I know Spanish tapas are all the rage, but I have to say that I have never quite "gotten" them - even when I visited Spain! The idea of spending $12 for a plate of olives or a small sampling of salt cod goes against my middle-class, hard-working values. If you aren't careful, $60 and two hours later, you can leave the restaurant still feeling hungry.
On the other hand, I purchased 12 "day-old" bagels for only a buck-twenty ($1.20) at the market next door to our GRUBB Co. offices in Berkeley last week and felt as if I had won the lottery. (Score!) Growing up in Old Land Park, my dad used to send my twin sister and I down to Marie's Doughnuts ("Home of the six-cent doughnut!") to buy a dozen glazed on Sunday mornings (Yum!). Total cost: 72 cents - now that was a deal AND they threw in the 13th doughnut for free. There's something about securing a bargain that makes my heart sing. Whether it's the flea market, an estate sale or the bakery, I am a gal who likes a good value! (Who doesn't?)
Sure, there are still the exalted few who never bother to compare prices (even in this economy) but for most of us, understanding "the value" in any purchase is key to actually committing to it. In my experience, this holds AS TRUE for the $450,000 condominium as it does for the four million dollar home. Regardless of what one can afford, "value" is very much a part of the calculation.
However, "value" isn't just reflected in price per square foot or the desirability of the street. In order to accurately speak to "value" I need to also address "costs," which are often more important in establishing real value to the buyer.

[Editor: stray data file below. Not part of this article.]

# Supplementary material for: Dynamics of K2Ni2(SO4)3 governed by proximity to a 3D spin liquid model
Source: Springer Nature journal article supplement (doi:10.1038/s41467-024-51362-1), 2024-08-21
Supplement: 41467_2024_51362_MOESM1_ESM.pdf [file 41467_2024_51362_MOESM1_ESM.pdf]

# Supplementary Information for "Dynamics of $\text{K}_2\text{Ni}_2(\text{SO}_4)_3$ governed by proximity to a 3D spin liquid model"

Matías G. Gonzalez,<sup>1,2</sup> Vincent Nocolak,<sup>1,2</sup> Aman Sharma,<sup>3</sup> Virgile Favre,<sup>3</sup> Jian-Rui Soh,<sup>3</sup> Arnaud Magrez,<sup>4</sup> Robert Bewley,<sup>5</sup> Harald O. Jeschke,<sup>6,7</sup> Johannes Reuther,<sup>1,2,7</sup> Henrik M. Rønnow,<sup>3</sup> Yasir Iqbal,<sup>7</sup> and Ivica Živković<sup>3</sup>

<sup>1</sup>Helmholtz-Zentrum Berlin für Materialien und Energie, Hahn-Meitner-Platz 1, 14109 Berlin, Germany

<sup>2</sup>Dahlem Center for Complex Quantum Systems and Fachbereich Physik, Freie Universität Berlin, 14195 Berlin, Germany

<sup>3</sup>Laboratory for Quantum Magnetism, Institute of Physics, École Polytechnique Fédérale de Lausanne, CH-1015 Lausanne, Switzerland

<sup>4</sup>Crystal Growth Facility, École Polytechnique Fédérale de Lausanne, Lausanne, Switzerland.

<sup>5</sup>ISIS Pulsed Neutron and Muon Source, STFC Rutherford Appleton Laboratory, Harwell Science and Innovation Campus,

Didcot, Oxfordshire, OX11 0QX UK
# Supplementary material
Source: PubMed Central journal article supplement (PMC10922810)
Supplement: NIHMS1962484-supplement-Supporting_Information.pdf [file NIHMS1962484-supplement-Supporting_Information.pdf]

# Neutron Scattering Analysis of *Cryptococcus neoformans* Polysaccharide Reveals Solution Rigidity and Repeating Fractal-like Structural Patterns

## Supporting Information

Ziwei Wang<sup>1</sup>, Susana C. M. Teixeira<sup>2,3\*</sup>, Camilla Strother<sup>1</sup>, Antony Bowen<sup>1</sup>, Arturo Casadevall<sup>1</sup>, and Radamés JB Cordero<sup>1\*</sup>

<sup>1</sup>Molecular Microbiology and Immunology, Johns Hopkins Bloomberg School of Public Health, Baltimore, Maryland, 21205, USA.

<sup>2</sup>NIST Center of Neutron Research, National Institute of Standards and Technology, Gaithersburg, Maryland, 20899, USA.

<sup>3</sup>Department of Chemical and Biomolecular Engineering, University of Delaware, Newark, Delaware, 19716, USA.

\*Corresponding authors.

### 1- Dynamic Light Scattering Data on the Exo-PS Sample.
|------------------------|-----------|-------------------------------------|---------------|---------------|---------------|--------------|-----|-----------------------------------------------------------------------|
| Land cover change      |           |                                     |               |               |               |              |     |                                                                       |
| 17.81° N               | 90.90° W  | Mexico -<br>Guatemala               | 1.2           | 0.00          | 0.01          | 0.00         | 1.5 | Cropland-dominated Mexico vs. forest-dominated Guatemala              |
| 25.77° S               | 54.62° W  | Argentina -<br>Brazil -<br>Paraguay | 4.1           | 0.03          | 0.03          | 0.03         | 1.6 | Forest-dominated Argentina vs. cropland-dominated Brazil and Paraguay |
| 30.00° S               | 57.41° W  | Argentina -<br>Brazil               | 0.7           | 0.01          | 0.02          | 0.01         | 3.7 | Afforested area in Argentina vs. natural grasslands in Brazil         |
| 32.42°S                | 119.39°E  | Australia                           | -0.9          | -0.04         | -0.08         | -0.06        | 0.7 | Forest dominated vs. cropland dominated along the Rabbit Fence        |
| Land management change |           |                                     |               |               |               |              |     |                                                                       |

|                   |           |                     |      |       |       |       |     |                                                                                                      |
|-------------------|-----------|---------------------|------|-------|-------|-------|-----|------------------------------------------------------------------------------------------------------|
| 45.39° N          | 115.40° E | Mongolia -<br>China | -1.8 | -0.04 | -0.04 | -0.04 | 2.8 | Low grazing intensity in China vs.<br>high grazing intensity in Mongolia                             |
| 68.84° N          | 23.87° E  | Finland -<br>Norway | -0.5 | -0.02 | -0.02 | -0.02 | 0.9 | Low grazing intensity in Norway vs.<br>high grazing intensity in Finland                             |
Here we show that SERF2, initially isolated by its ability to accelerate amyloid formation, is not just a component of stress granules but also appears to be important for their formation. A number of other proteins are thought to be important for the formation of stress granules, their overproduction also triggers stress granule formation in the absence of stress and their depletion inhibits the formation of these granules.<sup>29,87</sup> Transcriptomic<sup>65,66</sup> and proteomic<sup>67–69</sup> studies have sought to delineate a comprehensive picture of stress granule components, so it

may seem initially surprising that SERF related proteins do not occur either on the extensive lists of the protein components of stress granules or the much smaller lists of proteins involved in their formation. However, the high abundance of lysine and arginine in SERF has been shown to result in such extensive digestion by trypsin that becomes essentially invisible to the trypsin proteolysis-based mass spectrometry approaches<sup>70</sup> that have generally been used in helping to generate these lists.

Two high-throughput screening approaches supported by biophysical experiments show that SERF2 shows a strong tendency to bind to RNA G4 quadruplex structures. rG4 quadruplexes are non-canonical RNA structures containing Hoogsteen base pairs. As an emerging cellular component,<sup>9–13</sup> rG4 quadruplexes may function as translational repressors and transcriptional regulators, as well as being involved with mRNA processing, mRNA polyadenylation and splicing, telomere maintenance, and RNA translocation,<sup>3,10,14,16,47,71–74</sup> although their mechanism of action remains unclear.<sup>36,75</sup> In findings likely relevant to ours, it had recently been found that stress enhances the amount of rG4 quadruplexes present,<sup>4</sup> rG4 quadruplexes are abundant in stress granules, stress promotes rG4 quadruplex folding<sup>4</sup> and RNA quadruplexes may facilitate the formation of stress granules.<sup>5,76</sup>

Really? (Yes!) Here's why . . .
While the "value" reflects what's concrete (the price you pay) the "cost" reflects many of the less tangible, underlying needs associated with a home purchase: (the requirements of your family; the proximity to work and to schools; the interest rates in today's market versus tomorrow's; rising private school tuition; the weekends dedicated to searching for a home that might be better spent playing baseball with the kids; your desire to live near a park, a shopping district, a bus line; your need to entertain, to nest, to establish roots, to create memories . . .) the intangibles are endless and as varied as the buyers themselves.
Examined more broadly, there is so much more to the value of a home than simply the price you pay. Once you understand your underlying motivations for any purchase, your goals should become crystal clear; better helping you to identify "good value" when you see it (as opposed to the bargain).
Define both your position (value) and your interests (cost) and you will quickly come to terms on what you need, how quickly you need it and what you are willing to spend for it. Focus on the whole picture (not just the price) and you are much more like to secure the "value" you seek.
That's where the real bargain exists. Ole!
Julie Gardner, has been writing The Perspective for 15 years and has published more than 600 essays. She is also a frequent contributor to the Sound Off column in the Real Estate section of The San Francisco Chronicle.